The gadget world is slowly adopting a new power cord standard called USB Type-C. They're small, multipurpose, universal, reversible and might fry whatever gadget you plug them into.
The advantage of the new standard is that USB-C isn't owned by any one company. That means anyone can make them for cheap. The disadvantage: They might wreak havoc.
Cheap power cords are nothing new. You can get cords that meet the old micro-USB standard for smartphones for a couple bucks on Amazon (Tech30). ,
But the new USB-C cords are capable of supplying way more power to a gadget than micro-USB. If you charge your smartphone by plugging your USB-C cord into your laptop, a faulty cord could drain far more power from your laptop than your computer is designed to supply, destroying it -- and your smartphone -- in an instant.
The cords are supposed to recognize what kind of device they're sucking power from. If the USB-C cord senses it's plugged into a wall socket, it should crank up the juice. If it's plugged into a laptop, it should sip power.
That's not what happened to Google (Tech30) engineer Benson Leung. While testing Surjtech's 3M USB-C cord, his $1,500 laptop turned into a very expensive piece of toast. The cord had been wired incorrectly, ,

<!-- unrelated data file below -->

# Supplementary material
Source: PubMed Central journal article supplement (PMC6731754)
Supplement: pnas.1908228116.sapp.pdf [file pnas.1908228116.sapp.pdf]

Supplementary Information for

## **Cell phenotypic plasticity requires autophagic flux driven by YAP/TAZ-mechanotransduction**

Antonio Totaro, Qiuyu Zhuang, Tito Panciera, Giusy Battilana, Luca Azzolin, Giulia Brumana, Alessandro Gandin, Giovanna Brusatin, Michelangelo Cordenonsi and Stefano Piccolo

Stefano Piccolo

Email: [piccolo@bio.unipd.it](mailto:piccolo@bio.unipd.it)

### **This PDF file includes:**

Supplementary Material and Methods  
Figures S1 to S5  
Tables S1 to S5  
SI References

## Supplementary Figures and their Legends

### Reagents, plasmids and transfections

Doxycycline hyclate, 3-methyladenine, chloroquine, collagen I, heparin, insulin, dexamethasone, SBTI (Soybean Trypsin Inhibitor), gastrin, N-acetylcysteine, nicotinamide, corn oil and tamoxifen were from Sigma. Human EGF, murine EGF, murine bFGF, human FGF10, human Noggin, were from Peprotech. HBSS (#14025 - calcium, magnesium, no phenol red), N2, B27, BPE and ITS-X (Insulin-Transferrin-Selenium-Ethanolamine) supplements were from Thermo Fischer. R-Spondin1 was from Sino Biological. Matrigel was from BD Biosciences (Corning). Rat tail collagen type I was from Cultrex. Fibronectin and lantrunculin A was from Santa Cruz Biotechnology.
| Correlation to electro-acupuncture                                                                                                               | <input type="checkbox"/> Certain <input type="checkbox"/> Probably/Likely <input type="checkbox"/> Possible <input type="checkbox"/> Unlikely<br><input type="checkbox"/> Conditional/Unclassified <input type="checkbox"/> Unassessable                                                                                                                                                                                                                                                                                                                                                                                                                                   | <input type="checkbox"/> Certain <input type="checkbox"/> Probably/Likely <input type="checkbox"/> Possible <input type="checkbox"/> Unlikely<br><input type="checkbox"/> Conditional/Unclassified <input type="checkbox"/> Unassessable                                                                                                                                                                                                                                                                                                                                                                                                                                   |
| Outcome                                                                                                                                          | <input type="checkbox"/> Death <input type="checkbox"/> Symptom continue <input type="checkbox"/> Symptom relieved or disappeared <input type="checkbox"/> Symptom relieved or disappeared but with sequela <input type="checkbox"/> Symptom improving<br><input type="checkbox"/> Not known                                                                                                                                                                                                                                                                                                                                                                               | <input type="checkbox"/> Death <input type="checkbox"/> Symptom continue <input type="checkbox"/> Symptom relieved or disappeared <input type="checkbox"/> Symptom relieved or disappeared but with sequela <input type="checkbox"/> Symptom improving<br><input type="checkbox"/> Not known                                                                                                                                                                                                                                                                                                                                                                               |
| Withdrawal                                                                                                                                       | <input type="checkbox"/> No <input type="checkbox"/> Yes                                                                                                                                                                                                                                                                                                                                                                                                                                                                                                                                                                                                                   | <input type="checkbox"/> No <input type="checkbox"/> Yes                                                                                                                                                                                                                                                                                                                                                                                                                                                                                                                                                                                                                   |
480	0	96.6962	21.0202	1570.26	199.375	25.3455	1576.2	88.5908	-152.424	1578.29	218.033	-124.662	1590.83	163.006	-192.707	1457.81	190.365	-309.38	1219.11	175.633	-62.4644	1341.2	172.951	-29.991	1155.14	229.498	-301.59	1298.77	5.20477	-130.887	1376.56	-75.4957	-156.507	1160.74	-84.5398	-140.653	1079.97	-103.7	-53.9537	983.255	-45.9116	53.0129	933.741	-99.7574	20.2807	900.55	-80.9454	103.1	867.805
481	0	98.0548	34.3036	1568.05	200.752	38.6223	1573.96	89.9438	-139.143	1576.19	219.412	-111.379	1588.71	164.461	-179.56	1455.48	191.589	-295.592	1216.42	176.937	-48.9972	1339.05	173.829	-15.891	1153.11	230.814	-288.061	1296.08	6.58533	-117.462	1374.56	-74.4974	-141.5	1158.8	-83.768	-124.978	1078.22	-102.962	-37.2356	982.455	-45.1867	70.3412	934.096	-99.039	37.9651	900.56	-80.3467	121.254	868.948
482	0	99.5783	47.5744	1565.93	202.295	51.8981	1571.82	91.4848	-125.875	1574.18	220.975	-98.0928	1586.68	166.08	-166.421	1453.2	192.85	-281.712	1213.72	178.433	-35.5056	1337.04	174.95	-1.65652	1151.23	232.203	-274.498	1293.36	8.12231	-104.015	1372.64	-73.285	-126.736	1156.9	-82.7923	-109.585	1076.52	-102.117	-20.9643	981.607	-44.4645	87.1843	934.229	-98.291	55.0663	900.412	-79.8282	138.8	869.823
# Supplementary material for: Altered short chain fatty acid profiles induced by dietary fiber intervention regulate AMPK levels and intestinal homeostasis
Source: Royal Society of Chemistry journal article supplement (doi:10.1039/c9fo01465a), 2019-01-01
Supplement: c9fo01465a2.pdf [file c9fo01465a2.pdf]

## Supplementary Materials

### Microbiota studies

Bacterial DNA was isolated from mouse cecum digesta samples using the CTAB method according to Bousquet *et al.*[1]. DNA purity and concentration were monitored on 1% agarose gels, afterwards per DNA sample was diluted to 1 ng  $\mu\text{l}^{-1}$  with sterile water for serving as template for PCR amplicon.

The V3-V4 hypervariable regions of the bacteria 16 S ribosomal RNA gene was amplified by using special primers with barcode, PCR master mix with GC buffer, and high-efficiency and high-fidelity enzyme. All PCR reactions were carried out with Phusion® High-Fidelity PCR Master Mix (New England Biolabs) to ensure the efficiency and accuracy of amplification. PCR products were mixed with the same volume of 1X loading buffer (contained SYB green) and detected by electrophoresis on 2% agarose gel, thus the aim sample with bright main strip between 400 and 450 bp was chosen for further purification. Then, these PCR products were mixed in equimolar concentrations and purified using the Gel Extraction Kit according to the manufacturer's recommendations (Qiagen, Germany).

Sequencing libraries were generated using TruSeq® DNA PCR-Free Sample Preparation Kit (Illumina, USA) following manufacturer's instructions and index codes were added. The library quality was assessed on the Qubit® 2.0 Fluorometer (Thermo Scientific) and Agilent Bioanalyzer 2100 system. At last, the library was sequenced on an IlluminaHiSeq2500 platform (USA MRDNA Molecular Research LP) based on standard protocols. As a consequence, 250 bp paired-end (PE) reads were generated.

Leung took it upon himself to review USB-C cords on Amazon to help prevent faulty cords from ruining someone else's day.
"I have gotten fed up with the early cables from 3rd party vendors that so blatantly flout the specification and I want to take them to task," Leung wrote on his Google+ page. "You may not just get weird behavior from your devices with these bad cables... What some these vendors are doing is downright dangerous."
Buying more expensive cables is generally a good idea, based on Leung's research. But an expensive cord doesn't necessarily mean that your gadgets will be safe. And blindly spending extra money on a power cord a pretty dopey way to ensure that your laptop and phone aren't going to be destroyed.
The good news is that the USB-C standards-setting group, the USB Implementers Forum, is issuing a seal of approval for safe USB-C cords. Since those logos don't show up anywhere on Amazon's website, your safest bet might be buying cords at a physical store, such as Staples ( or )Best Buy (, where you can see the logo on the box. )
And if you're an iPhone owner, you're safe for now. Lightning cords are certified by Apple (Tech30) (that's why they're so expensive), and Apple hasn't yet adopted the USB-C standard for its iPhones. ,